by Elizabeth Jacobson
Wired reports that a Maryland woman recently lost her job due to an error in the FBI’s criminal database. Eschol Amelia “Amy” Studnitz, formerly a senior accountant for Corporate Mailing Service, was required to undergo a background check after CMS won a contract to handle mail for the Social Security Administration. She was fired from her job after the FBI’s criminal database deemed her “unsuitable” for level-1 security clearance. Studnitz was not given any details regarding her background check.
Two weeks later, the SSA sent a letter to CMS saying that Studnitz had in fact passed the background check, and that an “unspecified” computer error caused the false report. Unfortunately, CMS is under no legal obligation to re-hire her. In this tight labor market, she’s been having a rough time finding employment and has fallen behind on her mortgage payment.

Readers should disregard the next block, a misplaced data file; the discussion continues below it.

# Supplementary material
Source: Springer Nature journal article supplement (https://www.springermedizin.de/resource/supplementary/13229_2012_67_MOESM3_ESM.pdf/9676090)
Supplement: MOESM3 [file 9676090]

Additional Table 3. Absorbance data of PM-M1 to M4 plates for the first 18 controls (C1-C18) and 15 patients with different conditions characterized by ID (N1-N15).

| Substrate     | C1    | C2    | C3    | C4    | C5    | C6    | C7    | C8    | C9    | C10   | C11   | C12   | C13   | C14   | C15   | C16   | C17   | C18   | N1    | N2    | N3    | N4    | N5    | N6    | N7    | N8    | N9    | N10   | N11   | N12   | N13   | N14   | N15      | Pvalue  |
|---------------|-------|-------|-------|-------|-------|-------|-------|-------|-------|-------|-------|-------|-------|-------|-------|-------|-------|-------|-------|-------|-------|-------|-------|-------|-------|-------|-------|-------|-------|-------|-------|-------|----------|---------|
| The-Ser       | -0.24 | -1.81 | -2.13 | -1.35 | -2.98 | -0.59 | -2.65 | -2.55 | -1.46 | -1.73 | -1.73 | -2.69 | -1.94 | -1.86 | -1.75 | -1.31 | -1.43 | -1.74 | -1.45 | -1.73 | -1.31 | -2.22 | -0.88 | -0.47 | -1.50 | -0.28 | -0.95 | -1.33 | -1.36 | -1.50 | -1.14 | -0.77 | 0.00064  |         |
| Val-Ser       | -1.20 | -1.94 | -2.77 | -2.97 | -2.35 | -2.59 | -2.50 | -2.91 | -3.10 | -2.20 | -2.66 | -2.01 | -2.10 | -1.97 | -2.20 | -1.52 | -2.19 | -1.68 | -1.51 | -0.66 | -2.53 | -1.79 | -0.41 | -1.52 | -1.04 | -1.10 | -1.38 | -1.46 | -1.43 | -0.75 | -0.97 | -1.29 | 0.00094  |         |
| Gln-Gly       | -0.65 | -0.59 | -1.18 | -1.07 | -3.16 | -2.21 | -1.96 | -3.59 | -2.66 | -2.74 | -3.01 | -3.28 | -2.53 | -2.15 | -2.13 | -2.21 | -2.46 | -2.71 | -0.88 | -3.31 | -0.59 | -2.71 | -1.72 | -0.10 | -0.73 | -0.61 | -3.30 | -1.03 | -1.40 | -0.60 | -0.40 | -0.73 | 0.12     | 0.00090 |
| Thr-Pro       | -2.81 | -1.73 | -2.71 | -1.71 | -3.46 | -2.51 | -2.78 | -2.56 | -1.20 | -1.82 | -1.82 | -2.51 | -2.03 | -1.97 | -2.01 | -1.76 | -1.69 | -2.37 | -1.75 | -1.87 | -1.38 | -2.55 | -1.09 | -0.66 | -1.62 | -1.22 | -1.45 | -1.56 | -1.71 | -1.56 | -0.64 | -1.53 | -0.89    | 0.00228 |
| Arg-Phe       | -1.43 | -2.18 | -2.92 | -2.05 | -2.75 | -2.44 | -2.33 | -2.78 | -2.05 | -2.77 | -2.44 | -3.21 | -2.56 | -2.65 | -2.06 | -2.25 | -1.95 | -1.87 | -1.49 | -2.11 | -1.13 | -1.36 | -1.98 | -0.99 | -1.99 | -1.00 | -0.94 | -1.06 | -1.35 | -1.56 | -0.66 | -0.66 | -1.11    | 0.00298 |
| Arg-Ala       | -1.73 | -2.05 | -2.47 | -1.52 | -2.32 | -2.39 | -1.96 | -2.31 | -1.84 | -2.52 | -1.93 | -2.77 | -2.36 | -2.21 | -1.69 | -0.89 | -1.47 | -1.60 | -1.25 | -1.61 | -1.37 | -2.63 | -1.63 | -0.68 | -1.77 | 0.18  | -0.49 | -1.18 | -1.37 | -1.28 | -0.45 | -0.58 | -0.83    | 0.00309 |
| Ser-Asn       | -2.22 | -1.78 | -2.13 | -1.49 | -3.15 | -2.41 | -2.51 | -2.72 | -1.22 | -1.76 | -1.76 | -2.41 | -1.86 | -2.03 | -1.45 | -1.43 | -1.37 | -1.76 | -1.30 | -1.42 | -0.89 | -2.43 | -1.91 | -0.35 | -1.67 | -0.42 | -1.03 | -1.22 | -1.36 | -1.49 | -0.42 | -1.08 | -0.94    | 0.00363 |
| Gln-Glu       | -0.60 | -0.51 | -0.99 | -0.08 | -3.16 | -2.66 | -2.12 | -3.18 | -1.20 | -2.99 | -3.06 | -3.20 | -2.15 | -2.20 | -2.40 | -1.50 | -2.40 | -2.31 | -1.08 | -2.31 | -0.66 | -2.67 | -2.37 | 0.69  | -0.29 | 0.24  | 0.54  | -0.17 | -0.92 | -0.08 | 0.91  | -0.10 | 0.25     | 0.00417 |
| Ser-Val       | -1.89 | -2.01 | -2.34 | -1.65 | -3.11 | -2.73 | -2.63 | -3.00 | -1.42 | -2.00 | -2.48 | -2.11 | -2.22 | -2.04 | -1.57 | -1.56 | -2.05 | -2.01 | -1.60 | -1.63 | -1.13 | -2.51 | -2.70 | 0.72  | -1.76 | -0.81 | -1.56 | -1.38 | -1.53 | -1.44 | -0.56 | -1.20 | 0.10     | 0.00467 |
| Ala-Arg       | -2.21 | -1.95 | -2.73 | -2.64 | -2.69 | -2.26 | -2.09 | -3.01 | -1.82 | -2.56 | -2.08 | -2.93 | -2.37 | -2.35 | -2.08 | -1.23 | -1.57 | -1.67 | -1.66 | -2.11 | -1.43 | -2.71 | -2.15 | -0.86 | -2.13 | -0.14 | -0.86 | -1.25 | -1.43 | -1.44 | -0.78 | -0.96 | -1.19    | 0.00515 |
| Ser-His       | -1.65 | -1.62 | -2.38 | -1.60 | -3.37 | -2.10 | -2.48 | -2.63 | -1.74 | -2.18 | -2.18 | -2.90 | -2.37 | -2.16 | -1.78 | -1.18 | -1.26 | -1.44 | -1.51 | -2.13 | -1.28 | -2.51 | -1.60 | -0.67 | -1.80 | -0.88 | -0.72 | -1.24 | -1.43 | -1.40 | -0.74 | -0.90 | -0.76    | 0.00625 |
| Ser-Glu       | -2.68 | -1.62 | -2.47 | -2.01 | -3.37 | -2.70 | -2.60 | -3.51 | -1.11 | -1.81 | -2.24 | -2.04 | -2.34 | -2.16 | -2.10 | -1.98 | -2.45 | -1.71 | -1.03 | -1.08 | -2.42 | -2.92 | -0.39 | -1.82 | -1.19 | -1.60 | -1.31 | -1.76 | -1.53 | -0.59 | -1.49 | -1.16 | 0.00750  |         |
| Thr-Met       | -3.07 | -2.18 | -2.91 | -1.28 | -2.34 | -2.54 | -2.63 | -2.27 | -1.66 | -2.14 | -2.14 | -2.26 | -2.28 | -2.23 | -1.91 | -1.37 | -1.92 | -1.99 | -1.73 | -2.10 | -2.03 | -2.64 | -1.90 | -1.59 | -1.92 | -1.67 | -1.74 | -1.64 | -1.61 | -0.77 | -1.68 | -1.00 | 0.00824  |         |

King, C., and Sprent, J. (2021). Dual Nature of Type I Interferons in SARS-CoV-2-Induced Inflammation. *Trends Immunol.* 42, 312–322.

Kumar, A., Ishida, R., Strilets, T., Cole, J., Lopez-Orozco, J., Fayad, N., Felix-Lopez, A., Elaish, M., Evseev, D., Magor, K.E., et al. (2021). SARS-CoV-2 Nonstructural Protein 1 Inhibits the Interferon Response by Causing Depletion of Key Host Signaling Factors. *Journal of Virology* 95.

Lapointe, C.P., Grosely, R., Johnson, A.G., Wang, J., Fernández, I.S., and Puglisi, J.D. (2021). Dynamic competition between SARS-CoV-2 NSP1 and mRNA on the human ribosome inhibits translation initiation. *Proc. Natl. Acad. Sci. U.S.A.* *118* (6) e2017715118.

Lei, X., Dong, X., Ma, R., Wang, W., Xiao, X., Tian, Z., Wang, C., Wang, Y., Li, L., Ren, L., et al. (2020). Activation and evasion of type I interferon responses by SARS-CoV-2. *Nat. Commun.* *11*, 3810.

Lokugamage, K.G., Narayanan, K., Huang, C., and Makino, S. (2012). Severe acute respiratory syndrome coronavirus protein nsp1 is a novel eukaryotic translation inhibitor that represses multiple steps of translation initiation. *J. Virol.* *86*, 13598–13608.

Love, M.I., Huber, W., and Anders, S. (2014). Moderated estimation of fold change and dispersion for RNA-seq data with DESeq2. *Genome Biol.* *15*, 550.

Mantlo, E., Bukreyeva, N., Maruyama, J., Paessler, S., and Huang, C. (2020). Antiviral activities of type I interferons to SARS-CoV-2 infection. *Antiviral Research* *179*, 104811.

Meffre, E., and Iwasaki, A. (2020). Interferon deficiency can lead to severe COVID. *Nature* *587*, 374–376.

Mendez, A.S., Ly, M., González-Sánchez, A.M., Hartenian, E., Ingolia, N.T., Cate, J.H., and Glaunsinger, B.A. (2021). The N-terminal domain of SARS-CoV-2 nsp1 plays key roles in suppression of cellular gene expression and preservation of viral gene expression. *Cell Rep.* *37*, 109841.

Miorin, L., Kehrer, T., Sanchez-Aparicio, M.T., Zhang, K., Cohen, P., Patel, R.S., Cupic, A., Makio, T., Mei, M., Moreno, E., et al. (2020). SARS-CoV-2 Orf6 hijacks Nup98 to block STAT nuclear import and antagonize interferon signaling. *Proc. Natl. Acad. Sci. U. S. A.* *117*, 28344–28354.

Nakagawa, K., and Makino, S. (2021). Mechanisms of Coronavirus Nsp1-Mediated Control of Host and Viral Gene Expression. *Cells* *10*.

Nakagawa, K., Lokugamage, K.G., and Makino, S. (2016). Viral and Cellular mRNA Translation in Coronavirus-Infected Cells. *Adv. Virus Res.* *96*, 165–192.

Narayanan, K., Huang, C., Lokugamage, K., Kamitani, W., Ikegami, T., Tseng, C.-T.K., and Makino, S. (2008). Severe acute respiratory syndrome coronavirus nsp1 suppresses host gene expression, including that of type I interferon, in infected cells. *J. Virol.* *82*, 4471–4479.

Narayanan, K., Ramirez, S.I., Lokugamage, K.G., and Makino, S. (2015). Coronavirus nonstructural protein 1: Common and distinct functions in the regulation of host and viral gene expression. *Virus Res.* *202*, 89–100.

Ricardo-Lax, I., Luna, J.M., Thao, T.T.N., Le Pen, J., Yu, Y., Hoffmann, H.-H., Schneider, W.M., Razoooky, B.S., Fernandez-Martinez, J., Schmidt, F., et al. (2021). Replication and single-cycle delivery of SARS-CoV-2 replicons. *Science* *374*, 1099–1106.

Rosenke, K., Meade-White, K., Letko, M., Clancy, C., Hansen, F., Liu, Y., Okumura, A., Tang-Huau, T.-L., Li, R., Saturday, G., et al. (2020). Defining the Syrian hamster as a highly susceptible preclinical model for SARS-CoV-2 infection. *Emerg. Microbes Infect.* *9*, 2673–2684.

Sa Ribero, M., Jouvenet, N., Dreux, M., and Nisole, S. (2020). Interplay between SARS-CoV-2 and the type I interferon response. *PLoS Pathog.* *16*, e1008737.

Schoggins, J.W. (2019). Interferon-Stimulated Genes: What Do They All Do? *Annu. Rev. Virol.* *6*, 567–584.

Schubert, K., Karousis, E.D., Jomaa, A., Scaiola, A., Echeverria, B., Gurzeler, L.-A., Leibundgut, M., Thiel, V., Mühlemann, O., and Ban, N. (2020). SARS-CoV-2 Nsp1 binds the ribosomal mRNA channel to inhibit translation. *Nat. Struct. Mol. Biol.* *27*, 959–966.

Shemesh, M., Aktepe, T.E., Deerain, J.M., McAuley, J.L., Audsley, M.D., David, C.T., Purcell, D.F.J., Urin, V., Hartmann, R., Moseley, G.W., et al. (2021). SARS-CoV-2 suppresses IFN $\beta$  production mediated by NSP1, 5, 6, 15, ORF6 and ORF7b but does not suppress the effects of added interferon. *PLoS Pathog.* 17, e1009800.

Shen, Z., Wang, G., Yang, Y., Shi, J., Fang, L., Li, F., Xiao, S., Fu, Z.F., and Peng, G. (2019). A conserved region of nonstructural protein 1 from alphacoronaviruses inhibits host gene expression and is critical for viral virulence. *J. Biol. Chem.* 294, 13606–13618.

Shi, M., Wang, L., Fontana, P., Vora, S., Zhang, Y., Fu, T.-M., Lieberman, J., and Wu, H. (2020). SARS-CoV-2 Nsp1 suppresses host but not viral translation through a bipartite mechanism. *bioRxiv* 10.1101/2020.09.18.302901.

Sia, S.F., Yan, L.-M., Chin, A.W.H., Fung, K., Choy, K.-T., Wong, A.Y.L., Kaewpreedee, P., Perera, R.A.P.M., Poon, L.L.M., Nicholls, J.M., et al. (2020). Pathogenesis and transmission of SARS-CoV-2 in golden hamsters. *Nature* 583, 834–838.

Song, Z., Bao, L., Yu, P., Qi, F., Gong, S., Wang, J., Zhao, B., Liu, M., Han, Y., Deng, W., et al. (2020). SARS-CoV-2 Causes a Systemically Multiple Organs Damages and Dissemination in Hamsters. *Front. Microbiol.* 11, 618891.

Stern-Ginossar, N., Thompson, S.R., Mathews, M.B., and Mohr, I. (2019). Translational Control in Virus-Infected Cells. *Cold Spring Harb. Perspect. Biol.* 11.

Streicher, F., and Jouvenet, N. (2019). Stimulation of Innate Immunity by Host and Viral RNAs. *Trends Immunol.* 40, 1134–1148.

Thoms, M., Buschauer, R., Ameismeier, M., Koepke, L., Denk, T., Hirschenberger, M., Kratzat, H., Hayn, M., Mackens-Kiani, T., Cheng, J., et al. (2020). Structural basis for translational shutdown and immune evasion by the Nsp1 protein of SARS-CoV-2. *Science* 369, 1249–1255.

A spokesperson for the FBI said that they have no idea how often such mistakes are made, because they don’t keep track of their error rate. Is it so unreasonable to expect that a government agency charged with collecting and maintaining data about its citizens keeps track of metrics like accuracy and error rate? Any responsible private company or nonprofit outfit would want to know these sort of performance statistics.
Government failure is nothing new; it’s been well-documented on OpenMarket before. Instances of public sector incompetence like this should have everyone worried as the government gets ready to take over the health care sector. If the government can’t accurately keep track of its own criminal data, why on earth would we want to trust them with private health data? When dealing with matters of life and death, or aggressive treatment vs. palliative care, this kind of “unspecified” error could have serious consequences. How will we hold governmental data-keepers accountable?